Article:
Ready, set, tow… a nomad’s starter kit
It can be exhilarating to throw caution to the wind and do something spontaneous. But take spontaneity a step too far and you can quickly find yourself on shaky ground.
Just like the young couple whose marriage was in strife so they decided on a whim to increase the mortgage, buy a bigger house and have another child.
Not the wisest remedy for an ailing marriage, one would have thought, but it must have seemed like a fine idea at the time.
If you are contemplating life as a grey nomad, be prepared for some serious planning and contemplation. Act in haste and you will have plenty of time to repent at leisure on the road.
To begin with, there is the rig.
Like any good marriage, the caravan and the tow vehicle need to be a good match. The maximum towing capacity of the vehicle constrains the choice of caravan.
It goes without saying that a small town car will not tow a palace on wheels but it could do just fine with a lightweight pop-top.
The weight relationship between vehicle and van is important for safe towing.
As a rule of thumb, the tow vehicle needs to be at least as heavy as the caravan being towed.
If not, the tow vehicle will have a tough time controlling a wayward caravan in the face of cross winds, sudden braking, or a rough road surface.
However, the one-to-one ratio is a bare minimum weight safety margin. For added safety, particularly if you are a novice, aim for a tow vehicle that outweighs the caravan by a good 30 per cent, when both are fully laden, including passengers.
For towing specifications, check the vehicle’s manual or the manufacturer’s website.
If trawling through manuals and technical specifications is not your bag, take a shortcut and call the experts at the RACQ. They publish a list of towing specifications for a range of popular vehicles and are happy to provide advice to members.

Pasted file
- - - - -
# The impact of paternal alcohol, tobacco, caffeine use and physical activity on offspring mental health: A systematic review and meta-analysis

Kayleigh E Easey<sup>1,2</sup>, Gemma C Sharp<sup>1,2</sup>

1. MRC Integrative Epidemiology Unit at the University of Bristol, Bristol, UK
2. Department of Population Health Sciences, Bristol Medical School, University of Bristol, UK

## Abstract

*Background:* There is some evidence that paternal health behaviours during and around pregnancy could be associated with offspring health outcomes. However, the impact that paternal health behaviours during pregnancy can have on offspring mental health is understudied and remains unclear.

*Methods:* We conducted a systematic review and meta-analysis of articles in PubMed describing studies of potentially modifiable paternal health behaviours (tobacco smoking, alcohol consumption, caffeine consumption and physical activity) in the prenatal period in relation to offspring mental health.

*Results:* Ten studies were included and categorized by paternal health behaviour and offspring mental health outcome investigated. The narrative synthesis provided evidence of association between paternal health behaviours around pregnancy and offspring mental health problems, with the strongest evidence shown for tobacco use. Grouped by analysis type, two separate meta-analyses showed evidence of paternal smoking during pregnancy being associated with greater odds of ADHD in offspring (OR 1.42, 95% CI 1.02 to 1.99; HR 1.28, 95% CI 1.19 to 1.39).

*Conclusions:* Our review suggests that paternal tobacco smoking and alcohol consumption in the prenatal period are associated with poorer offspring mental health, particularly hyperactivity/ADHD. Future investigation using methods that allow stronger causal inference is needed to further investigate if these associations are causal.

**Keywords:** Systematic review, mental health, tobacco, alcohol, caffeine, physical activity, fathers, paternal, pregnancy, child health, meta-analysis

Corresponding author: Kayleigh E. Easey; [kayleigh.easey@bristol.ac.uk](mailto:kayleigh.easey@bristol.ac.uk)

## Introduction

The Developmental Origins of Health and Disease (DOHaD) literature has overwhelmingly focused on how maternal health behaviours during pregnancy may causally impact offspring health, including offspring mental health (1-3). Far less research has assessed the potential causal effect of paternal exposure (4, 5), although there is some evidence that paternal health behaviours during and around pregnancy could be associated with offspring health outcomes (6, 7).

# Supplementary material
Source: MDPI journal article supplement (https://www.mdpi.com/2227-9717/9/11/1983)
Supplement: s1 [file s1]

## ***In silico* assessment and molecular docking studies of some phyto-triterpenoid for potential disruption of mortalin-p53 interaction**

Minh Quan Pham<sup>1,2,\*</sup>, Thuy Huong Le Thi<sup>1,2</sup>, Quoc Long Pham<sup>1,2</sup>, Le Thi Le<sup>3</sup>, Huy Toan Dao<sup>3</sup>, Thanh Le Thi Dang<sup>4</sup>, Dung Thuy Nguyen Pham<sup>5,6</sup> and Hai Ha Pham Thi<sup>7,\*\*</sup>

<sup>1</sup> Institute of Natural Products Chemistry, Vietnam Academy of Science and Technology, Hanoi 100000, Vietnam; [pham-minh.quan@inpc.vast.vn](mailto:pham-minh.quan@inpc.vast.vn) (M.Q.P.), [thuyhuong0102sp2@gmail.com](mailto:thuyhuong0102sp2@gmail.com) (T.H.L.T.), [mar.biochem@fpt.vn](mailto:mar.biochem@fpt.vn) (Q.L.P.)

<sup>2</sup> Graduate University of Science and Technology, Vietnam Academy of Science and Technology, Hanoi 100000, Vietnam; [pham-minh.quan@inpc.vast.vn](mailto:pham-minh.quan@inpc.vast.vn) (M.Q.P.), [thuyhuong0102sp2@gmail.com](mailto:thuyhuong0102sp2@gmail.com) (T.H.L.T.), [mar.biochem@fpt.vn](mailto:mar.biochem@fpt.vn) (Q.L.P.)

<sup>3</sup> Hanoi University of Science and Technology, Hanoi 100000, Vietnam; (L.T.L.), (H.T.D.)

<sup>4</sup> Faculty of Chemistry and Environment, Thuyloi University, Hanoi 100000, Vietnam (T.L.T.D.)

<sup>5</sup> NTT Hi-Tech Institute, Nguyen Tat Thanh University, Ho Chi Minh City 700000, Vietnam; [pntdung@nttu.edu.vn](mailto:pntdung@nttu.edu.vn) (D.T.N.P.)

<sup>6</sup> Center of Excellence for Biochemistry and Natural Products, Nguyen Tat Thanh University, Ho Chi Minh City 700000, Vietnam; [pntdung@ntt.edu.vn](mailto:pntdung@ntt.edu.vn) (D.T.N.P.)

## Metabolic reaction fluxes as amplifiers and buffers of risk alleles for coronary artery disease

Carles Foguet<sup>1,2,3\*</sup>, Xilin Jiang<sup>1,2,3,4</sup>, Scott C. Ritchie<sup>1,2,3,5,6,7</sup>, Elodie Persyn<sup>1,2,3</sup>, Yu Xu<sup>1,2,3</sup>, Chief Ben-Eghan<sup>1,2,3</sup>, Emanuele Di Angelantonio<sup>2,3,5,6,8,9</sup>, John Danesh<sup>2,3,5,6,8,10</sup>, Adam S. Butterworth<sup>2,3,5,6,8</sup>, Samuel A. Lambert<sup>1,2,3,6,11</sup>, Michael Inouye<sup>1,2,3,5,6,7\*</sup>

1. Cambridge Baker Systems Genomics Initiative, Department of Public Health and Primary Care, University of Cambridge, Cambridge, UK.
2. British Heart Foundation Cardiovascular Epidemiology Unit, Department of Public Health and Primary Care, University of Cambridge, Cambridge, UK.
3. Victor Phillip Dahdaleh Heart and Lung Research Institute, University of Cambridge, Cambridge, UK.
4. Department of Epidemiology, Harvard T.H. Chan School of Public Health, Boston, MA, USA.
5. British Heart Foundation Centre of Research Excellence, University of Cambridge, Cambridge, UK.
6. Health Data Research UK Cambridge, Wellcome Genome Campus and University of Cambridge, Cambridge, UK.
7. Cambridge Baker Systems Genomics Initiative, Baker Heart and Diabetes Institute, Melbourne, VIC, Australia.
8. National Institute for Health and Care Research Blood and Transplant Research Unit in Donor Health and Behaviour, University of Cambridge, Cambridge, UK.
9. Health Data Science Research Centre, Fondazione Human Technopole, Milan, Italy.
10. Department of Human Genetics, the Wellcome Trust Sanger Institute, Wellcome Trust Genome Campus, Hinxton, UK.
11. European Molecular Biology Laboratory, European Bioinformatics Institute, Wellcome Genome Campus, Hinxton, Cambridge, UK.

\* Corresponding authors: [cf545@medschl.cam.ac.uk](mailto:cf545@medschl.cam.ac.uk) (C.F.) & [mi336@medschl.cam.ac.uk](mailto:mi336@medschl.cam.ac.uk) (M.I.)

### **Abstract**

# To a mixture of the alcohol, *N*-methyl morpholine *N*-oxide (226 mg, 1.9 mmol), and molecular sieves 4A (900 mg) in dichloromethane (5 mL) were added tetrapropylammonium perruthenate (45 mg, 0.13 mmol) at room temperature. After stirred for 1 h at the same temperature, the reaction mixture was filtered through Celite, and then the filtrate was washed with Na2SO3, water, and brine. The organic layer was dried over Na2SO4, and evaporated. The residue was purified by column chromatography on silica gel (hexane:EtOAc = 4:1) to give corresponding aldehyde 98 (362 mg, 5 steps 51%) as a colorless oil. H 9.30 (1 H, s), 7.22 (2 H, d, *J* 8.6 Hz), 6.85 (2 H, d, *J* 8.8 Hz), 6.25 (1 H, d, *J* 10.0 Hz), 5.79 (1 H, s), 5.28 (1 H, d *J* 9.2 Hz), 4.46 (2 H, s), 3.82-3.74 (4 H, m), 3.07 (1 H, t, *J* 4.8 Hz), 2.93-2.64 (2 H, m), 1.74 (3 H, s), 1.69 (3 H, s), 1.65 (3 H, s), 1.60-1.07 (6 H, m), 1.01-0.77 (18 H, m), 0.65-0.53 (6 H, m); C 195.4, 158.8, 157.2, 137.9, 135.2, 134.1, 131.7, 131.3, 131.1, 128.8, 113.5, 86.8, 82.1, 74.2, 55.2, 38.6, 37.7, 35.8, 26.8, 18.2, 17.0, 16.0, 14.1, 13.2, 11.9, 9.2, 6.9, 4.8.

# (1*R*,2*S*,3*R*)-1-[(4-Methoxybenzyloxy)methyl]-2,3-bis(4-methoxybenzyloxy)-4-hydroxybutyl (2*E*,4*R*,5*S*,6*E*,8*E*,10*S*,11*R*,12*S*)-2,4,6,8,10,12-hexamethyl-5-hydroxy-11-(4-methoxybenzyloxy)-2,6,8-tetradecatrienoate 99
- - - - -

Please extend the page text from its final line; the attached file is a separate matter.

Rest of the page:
Make sure the towbar and towball are compatible with the vehicle. If not, the weakest link in the towing setup will determine maximum towing capacity and as a result, choice of caravan.
If you are in the market for a new tow vehicle, work through the practicalities carefully. By all means go for the big powerful American import or perhaps a Toyota Tundra or a Land Cruiser Sahara if you have deep pockets and are planning to be on the open road for months at a time.
But if high maintenance costs make you blanch and getting into the underground carpark at the local supermarket 11 months of the year is important for you, perhaps it is best to leave the Chevy Silverado on the showroom floor.
The car market offers nothing if not choice, so with a little time and care you will find the perfect vehicle to suit your pocket and your purpose.
Having determined towing capacity, let’s turn our attention to choice of caravan.
According to my good mate Big Wheels, your first van is just a stepping stone to the next, so don’t stress if you don’t get it just right first time round.
Caravan and camping shows are a good place to start, but Big Wheels, who has done more miles than the Indian Pacific, recommends going straight to the experts – the nomads themselves.
Pull up at a roadhouse or take a stroll through an RV friendly caravan park, he says, and just start chatting. After all, who doesn’t love being asked for a bit of advice?
When it comes to loading the van, bear in mind that there is a maximum on-road weight limit set by the manufacturer. This limit must not be exceeded.
Everything in the van, plus after-market accessories, are counted, so try to try to leave a little leeway. Pack to the max and you could end up in strife with authorities at the weighbridge or void your insurance in the event of an accident.
Start with the essentials – food, clothes, bedding, cooking equipment, tool kit and basic spares, gas, generator and water.
A hundred litres of water adds a hefty 100kg to the payload, which just goes to show how quickly the weight limit can be reached.
No amount of anti-sway technology will compensate for a poorly packed caravan. Imagine your van is a boat.
For stability, aim to distribute the weight as evenly as you can. Don’t put all the load in the front or all the load in the back. Spread it out and secure it well.
A final word of advice from Big Wheels: Never hesitate to ask for help.
In the world of the grey nomad, even the most seasoned traveller needs a hand once in a while. Helping out is just extending the courtesy of the road.
Why? Because doing good does you good. Well said, Big Wheels.